The crossing of the axes is discernible also in the number of the parts and their distribution: four untitled parts containing 14 (3+4+4+3) sections, of which the two in the middle are apparently symmetrical in a different way, while the enclosing contain the resuming messages. The works opens with Isaiah 40:6-7: ‘All flesh is grass, and all the goodliness thereof is as the flower of the field’. The closing part and the finale feature the lines from Bobrowski’s Der Tod, Sahl’s Strophen (‘I go slowly from the world, into a landscape beyond all distance’) and the canonical texts of Lacrimosa (‘Full of tears will be that day’), Libera me (‘Deliver me, O Lord, from death eternal on that fearful day’), Agnus Dei (‘Lamb of God, you who take away the sins of the world’). This Rihm’s opus leaves an impression of a confession of a kind: the poems by authors of different periods epitomise man’s agonies and fears, while the canonical texts and Bible verses are a confession, a prayer, humility and trust. The first and the third part repeat three times, all in all, Rilke’s Der Tod from The Book of Images where the contrasted life/death, happiness/agony, visibility/hiddenness come to the fore once again. Heidegger construes thoughts about death, particularly in Rilke’s works, as a quest for God, which means acknowledgment of God’s existence and inarticulacy.
Der To dist groß.
Wir sind die Seinen
Wenn wir uns
Mitten im Leben meinen,
Mitten in uns.
(Death looms large.
We are those who are
its laughing mouths.
As we consider ourselves alive,
it dares to weep
in our midst.
Der Tod by Bobrowski, whose poetic muse interprets the topics of death, guilt, war occurs in the final parts of the Requiem. The second part concentrates on the emotionality of the sonnets and Psalm 129 (130) (Out of the depths I cry to you, Lord; Lord, hear my voice.).
Rihm’s music within the framework of his compositional techniques is remarkably poetical and lyrical, finely orchestrated, delicately and richly textured, evincing apparent symbolism and rhetorical significance. The author argues his choices of lyrics by his intuitive approach and striving to express his emotions being unable though to define precisely why. As was the case with his previous works, here again he says he has used a simplified musical language, but ‘the apparent simplicity is actually the difficulty’. While the choral texture is meant for non-professionals too as he says he writes for ‘ordinary people’.
Though always detached as an author, the themes of death and God are important to Rihm as read through the Bible, poetry or theological literature.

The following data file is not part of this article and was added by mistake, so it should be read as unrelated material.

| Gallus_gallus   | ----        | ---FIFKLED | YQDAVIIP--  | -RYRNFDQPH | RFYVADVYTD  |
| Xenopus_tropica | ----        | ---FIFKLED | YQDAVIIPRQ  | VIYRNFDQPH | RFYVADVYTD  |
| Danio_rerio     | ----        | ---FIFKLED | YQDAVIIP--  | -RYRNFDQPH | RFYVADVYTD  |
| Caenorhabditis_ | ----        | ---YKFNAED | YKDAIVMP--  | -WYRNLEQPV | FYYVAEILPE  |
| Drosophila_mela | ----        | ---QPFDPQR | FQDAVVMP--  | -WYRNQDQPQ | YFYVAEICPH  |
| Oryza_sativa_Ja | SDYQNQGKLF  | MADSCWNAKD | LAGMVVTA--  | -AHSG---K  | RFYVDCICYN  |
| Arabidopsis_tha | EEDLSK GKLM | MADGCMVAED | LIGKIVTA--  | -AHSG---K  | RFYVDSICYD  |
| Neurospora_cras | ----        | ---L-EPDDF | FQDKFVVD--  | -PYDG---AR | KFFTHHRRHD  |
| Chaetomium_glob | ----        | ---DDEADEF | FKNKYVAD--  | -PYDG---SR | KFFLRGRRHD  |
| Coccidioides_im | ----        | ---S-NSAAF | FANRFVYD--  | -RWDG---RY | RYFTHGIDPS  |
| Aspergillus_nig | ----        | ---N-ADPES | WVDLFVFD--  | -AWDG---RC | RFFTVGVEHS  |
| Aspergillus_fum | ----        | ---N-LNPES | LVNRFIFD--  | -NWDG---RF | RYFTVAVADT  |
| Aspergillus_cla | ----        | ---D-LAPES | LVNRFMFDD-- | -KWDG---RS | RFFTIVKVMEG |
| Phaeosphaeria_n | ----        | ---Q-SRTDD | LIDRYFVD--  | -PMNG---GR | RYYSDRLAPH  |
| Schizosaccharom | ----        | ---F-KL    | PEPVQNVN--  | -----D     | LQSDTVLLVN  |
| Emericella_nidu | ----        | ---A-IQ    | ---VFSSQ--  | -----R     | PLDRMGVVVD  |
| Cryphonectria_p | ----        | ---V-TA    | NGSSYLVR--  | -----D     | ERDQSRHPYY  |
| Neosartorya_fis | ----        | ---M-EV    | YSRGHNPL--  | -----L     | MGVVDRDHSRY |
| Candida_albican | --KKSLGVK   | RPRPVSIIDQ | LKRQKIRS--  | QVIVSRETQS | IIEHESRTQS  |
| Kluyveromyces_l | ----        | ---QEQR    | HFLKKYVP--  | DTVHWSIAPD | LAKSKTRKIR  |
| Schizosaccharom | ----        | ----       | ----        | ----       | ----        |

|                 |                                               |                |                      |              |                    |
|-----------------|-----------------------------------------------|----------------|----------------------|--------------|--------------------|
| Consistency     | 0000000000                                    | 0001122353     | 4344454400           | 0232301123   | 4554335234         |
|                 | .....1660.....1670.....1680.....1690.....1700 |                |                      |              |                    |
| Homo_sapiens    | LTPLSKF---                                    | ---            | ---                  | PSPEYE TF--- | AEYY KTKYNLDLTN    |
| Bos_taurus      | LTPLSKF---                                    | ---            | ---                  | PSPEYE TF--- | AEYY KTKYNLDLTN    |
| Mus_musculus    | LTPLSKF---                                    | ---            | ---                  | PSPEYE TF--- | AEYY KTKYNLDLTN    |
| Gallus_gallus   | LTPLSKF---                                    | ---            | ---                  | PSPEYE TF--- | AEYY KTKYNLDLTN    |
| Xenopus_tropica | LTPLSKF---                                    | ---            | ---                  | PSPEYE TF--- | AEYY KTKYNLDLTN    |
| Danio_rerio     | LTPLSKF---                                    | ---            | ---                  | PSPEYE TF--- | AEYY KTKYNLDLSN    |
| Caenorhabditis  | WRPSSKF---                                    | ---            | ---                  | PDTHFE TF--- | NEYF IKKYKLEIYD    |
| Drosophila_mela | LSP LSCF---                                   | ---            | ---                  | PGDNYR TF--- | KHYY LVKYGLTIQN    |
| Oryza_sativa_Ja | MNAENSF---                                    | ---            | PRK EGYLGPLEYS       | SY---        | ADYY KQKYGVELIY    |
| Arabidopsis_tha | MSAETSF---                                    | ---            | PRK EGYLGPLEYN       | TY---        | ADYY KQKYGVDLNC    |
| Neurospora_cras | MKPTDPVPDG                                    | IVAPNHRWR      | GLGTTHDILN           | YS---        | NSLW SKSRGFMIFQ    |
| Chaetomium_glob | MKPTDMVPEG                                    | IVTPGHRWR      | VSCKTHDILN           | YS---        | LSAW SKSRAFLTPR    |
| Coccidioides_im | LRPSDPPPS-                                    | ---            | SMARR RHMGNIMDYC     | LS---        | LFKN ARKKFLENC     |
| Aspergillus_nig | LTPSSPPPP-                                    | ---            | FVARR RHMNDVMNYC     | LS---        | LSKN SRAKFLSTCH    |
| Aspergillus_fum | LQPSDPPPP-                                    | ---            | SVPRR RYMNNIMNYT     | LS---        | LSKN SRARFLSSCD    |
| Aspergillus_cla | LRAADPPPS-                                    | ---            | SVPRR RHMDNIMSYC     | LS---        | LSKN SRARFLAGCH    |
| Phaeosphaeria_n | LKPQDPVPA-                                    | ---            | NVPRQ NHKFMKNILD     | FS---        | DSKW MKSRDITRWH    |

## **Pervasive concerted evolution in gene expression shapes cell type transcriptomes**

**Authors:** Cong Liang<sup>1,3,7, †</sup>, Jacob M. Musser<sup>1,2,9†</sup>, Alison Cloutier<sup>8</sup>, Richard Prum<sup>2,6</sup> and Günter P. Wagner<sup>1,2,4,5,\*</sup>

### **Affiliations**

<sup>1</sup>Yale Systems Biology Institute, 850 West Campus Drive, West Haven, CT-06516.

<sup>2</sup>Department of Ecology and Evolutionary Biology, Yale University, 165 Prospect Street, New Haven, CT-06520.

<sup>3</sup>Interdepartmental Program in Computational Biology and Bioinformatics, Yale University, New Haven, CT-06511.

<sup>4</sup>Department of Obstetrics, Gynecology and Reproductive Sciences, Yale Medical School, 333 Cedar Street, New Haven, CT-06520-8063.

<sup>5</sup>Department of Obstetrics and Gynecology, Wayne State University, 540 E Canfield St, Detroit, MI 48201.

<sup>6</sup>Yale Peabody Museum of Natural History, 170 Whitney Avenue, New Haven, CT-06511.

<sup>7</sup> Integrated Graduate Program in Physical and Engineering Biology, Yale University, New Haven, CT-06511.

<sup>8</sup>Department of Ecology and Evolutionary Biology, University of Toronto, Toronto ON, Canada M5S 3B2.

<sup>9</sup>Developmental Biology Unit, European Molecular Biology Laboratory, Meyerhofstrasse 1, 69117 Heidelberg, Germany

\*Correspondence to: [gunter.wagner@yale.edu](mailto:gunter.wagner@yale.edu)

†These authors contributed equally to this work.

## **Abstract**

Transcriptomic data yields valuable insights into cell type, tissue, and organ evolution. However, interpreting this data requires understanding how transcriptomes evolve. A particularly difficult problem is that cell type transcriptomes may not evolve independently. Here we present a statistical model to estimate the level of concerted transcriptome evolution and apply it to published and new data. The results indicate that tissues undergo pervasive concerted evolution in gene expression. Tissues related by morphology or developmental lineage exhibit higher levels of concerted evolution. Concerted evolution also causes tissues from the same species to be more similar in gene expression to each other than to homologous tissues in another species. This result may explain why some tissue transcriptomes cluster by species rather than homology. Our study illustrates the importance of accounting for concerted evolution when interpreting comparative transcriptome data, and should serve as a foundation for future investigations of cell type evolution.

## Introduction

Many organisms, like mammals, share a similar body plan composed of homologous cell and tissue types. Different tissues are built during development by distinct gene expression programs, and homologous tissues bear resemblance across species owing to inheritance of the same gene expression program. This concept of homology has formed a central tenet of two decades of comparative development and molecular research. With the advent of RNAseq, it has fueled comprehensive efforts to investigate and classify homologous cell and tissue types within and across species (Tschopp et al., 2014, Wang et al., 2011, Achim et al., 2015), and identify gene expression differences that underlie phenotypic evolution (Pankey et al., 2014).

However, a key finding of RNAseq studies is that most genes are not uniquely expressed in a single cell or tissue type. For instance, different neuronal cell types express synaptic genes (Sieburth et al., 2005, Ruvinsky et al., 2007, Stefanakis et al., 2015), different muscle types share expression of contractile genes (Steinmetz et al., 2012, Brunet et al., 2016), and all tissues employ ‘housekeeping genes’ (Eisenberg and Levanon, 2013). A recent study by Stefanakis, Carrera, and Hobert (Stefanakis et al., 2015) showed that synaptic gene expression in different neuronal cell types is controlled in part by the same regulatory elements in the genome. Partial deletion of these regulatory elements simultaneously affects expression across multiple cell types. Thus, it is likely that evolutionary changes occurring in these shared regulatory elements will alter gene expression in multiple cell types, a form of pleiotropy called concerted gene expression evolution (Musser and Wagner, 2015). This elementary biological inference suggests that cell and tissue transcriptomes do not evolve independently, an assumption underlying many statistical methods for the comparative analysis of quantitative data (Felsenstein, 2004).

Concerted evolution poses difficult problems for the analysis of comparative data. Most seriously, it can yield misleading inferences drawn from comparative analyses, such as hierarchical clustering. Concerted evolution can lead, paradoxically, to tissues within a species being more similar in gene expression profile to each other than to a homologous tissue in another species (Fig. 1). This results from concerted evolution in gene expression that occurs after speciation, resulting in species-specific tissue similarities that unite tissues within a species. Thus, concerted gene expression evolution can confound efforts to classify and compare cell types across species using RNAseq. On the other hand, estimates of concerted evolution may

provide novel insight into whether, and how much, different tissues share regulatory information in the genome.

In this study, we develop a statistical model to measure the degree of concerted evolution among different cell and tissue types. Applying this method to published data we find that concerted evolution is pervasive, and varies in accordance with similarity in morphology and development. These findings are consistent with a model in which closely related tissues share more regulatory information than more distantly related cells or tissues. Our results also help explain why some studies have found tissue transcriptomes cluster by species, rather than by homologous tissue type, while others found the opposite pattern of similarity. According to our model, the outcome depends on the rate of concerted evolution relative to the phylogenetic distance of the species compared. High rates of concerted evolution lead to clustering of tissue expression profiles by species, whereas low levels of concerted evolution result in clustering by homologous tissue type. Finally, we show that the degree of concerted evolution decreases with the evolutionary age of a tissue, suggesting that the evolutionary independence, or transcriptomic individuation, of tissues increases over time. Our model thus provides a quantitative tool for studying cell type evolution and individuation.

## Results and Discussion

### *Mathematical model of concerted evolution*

Conductor Bernard Haitink (88), a winner of numerous awards, who has received two Grammies and five Gramophones, gave his masterclass in conducting at Lucerne Festival at Easter 2017. Participants considered four examples of major styles: Mozart’s Prague Symphony, Beethoven’s Symphony No. 2, Robert Schumann’s Symphony No. 3, Rhenish and Debussy’s La mer. Haitink teaches in the way he conducts: controlling where necessary his gestures, clearly articulating, using not unnecessary movements, both strictly rhythmically and expressively. The benchmarks Haitink provided was textual consistency with the scores; he reduced excessive tension in the performances, accentuating even flow of music, breathing and phrasing; reminding to gear the dynamic characteristics to the style and the composer, for example, to differentiate the extreme dynamisms in Beethoven: forte-fortissimo or piano-pianissimo; he differentiated the degrees of differences in dynamism and accentuated the contrasts on the right places. To him, achieving simplicity, intelligibility and precision proved the most important aspects.
The final two days at Lucerne Festival at Easter with their 25 or so percent of attendance capacity, became a special cultural showpiece for the audiences, who have nothing left but change their views and way of thinking unless they happened to have no sense of music at all. Lucerne Festival at Easter is a powerful overture to Lucerne Summer Festival, which will in three months time offer a new series of elite works and performers: the European, world or Swiss premieres of pieces by such composers-in-residence as Michel van der Aa, Helena Winkelman, Heinz Holliger, Lisa Streich, Friedrich Cerha, John Luther Adams, Luca Francesconi, Matthew Kaner, etc., as well as the world premiere of the arrangement for strings and the text of On an Overgrown Path [Po zarostlém chodníčku] by Leoš Janáček and the Swiss premiere of Chant funèbre op. 5 by Igor Strawinsky.
Diversity is indeed the key to the concept of Lucerne Festival, an event free of prejudices, widely open to ideas, a festival offering chances, novel creative solutions, substantial melodising and a visionary management.